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Tactics and science of TASER deployment

When and how to use your ECD is determined by factual context — but heart effects might be fiction

The New Year inevitably brings new thoughts about improving our tactics (and reducing our liability). For me, some new information about the continuing controversy surrounding whether or not a TASER affects a person’s heart is just one thing that comes to mind.

Also ripe for discussion here are drive stun tactics, as well as optimal range for probe spread. Let’s get started.

Tactics for Fleeing Suspects
Using a TASER on a person who is “in motion” (like running away, riding a bicycle or motorcycle, skateboarding, etc.) presents a significantly higher injury risk from falling while in motion. Therefore, you would be wise to reserve your TASER uses in such cases to people wanted for “serious crimes” (typically felonies).

For example, launching TASER probes while you are chasing a fleeing person on concrete and asphalt is just not the same if you are trying to arrest him for illegally possessing an open container of beer as using the TASER on a fleeing robber or rapist.

When someone is running at you (imminent assault on an officer), that’s a different story. Your safety is in jeopardy, so do what you must do that is reasonable to stop the assault. TASER can work well in that circumstance, and the higher injury risk is offset by the need to immediately stop the person.

As a refresher, the following language is from the product warnings bulletin issued by TASER International in March 2013:

When practicable avoid using a CEW on a person who is on an elevated or unstable surface (e.g., tree, roof, ladder, ledge, balcony, porch, bridge, or stair); could fall and suffer impact injury to the head or other area; could fall on a sharp object or surface (e.g., holding a knife, falling on glass); is less able to catch or protect self in a fall (e.g., restrained, handcuffed, incapacitated, or immobilized); has impaired reflexes (e.g., from alcohol, drugs or certain medications); is running, in motion, or moving under momentum; is operating or riding any mode of transportation (e.g., vehicle, bus, bicycle, motorcycle, or train), conveyance (e.g., escalator, moving walkway, elevator, skateboard, rollerblades), or machinery; or is located in water, mud, or marsh environment if the ability to move is restricted.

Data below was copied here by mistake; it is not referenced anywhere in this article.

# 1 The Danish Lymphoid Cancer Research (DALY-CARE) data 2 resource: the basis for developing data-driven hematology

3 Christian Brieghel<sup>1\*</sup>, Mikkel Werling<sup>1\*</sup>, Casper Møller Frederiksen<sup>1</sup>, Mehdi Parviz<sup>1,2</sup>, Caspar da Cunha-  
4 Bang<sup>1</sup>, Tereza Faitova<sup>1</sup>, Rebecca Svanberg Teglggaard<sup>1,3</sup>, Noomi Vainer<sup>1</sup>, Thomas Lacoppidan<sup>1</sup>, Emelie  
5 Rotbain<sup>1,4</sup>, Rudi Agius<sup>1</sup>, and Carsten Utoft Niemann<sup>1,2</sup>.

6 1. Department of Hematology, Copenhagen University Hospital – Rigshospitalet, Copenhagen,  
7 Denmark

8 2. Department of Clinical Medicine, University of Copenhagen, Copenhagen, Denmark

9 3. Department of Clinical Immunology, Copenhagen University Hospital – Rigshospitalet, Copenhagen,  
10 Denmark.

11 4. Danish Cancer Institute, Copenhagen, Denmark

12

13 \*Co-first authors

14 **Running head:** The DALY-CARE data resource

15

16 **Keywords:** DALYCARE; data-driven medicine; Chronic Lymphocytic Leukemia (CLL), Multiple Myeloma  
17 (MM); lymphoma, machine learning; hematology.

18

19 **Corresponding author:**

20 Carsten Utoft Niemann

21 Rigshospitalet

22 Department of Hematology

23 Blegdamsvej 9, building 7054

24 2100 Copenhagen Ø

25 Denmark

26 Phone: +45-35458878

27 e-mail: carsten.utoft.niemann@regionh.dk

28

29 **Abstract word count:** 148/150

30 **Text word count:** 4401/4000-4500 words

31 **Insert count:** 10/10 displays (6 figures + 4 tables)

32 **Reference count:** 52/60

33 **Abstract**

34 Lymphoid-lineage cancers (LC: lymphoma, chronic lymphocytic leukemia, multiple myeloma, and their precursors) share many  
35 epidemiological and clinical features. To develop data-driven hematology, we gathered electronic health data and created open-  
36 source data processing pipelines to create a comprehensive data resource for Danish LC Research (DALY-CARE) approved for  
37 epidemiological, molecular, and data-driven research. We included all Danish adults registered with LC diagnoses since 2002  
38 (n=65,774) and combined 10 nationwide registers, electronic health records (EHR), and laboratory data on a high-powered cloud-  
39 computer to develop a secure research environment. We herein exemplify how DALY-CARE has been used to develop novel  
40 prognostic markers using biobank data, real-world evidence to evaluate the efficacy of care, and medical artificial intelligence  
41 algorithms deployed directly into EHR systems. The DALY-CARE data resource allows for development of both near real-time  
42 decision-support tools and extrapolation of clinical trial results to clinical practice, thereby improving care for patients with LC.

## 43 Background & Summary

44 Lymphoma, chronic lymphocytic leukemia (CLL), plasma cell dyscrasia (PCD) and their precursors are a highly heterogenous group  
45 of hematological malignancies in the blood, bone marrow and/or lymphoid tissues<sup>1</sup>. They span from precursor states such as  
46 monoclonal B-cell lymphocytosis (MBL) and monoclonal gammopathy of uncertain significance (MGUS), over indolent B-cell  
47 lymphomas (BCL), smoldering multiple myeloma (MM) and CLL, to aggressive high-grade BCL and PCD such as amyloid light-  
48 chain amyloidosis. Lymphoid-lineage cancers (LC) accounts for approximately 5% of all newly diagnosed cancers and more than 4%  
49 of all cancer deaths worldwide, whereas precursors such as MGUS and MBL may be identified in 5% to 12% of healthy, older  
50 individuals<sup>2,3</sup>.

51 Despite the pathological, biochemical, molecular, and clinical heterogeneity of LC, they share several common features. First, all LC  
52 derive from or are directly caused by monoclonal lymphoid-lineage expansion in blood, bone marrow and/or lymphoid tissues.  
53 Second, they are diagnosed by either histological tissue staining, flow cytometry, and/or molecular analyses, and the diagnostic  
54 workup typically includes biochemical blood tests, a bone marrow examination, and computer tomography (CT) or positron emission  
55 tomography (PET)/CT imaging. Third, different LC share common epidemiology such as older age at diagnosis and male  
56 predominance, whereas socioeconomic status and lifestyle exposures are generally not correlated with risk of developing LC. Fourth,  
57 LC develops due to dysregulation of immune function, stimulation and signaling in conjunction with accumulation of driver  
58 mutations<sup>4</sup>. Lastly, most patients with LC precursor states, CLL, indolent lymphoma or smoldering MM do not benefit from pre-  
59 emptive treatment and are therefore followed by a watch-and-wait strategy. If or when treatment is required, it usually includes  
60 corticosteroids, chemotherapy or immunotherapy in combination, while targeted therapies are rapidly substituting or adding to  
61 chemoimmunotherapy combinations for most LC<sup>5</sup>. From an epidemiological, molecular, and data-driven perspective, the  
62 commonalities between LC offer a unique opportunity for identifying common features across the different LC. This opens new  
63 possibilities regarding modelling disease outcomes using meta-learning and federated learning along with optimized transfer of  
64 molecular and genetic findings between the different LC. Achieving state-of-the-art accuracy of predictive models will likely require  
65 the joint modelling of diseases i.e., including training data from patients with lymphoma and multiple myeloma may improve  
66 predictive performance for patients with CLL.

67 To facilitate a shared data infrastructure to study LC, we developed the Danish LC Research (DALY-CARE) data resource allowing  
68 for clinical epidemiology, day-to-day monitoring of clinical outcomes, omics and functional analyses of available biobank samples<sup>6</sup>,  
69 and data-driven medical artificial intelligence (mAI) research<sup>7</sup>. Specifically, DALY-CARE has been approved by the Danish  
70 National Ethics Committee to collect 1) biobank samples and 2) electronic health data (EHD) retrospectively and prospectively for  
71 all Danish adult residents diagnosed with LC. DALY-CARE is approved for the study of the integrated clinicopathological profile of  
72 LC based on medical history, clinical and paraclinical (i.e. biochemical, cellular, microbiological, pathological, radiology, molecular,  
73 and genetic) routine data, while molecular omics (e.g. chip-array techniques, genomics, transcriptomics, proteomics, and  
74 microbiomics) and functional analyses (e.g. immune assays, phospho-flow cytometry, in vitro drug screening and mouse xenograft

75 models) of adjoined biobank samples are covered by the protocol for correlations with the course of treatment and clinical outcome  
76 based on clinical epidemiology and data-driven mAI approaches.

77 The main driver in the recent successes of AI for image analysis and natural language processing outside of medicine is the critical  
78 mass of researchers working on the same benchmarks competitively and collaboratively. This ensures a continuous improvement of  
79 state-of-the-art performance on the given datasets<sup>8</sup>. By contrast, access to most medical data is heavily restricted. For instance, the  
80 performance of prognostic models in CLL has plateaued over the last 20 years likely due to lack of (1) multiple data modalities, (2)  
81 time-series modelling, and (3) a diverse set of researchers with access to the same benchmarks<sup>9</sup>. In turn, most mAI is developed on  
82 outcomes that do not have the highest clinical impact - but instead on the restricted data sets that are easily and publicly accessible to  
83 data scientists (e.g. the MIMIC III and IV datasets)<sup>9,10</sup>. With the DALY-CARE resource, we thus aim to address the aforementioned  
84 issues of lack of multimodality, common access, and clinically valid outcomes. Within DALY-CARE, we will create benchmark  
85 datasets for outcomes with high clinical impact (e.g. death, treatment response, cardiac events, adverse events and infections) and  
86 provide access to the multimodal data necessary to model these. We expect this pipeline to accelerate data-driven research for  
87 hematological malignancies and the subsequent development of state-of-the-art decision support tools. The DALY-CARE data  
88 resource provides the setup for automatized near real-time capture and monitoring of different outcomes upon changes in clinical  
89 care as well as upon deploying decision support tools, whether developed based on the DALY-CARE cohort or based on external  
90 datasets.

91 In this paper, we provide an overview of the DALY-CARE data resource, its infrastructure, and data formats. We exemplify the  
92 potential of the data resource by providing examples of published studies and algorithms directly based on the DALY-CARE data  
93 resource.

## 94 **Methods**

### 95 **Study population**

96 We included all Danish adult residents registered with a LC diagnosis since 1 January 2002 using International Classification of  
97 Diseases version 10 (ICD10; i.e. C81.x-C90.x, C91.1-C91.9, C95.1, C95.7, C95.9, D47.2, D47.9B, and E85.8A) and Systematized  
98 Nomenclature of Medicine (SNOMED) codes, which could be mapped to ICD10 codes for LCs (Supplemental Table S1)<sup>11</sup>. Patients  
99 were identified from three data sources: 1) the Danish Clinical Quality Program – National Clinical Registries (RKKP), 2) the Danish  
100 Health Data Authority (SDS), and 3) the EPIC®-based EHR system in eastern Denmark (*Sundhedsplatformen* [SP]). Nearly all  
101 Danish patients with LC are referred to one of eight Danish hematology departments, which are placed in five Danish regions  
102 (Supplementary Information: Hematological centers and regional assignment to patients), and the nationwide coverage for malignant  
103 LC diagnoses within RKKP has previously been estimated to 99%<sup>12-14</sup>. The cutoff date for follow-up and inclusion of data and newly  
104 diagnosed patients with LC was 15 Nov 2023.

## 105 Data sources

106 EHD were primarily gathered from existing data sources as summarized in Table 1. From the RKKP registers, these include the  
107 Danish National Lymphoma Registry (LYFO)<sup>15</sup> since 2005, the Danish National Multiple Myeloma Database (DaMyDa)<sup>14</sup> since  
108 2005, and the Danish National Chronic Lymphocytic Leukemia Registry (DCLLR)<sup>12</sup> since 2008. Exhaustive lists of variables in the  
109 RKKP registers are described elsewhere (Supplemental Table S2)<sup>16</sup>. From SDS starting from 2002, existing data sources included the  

Of course, the counterargument is that if you do not launch TASER probes at someone who is fleeing, when you catch up to them you typically tackle them and end up in a ground fight, with resulting injury risks for both you and the suspect.

Still, you ought to distinguish between the need to capture and arrest Machine Gun Kelly versus the guy sipping a Bud on your sidewalk — and the relative injury risks.

Drive-Stun Tactics
Drive-stuns typically DO NOT INCAPACITATE your subject! They are good for pain-compliance, but not incapacitation.

Drive-stuns typically just cause pain for subjects who feel pain. Feeling that pain causes some subjects to act out more violently as they try to get away from it.

Unless you have a need to break contact with a subject, or you are using a 3-point contact (because you missed with a probe, or the probes are too close together to be effective, or you’re doing a drive-stun with the cartridge on so you can achieve a 3-point contact), forget the drive-stun! If you are hands-on with the subject, you will get your subject subdued quicker using other physical control tactics. If TASER use is a reasonable option in the situation, use the probes!

Probe Deployments
When shooting the probes, GET SOME DISTANCE!

In a quick-breaking incident, many officers think they are 10-12 feet back, but in fact they are much closer. This typically results in a probe spread too close to be effective.

When engaging your subject, Simon says, “Take some giant steps backwards!”

Does TASER Affect the Heart?
Take a look at this article from the journal Circulation (American Heart Association), entitled Controversies in Cardiovascular Medicine: TASER Electronic Control Devices and Cardiac Arrests: Coincidental or Causal?

The 3 main findings are:

1.) The demonstrated incidence of ECD-induced cardiac arrest is extremely low, if not zero
2.) Conclusions of a connection between ECD use and cardiac arrest are speculative at best
3.) The role of several non-ECD confounding factors explaining cardiac arrests are not accounted for in prior published case reports

That’s all for now. Stay safe!

Greg Meyer, a retired Captain from the Los Angeles Police Academy, served for 30 years, including eight years as a commanding officer. Greg is a member of the National Advisory Board of the Force Science Research Center, a member of the Police Executive Research Forum (PERF) and the International Association of Chiefs of Police (IACP).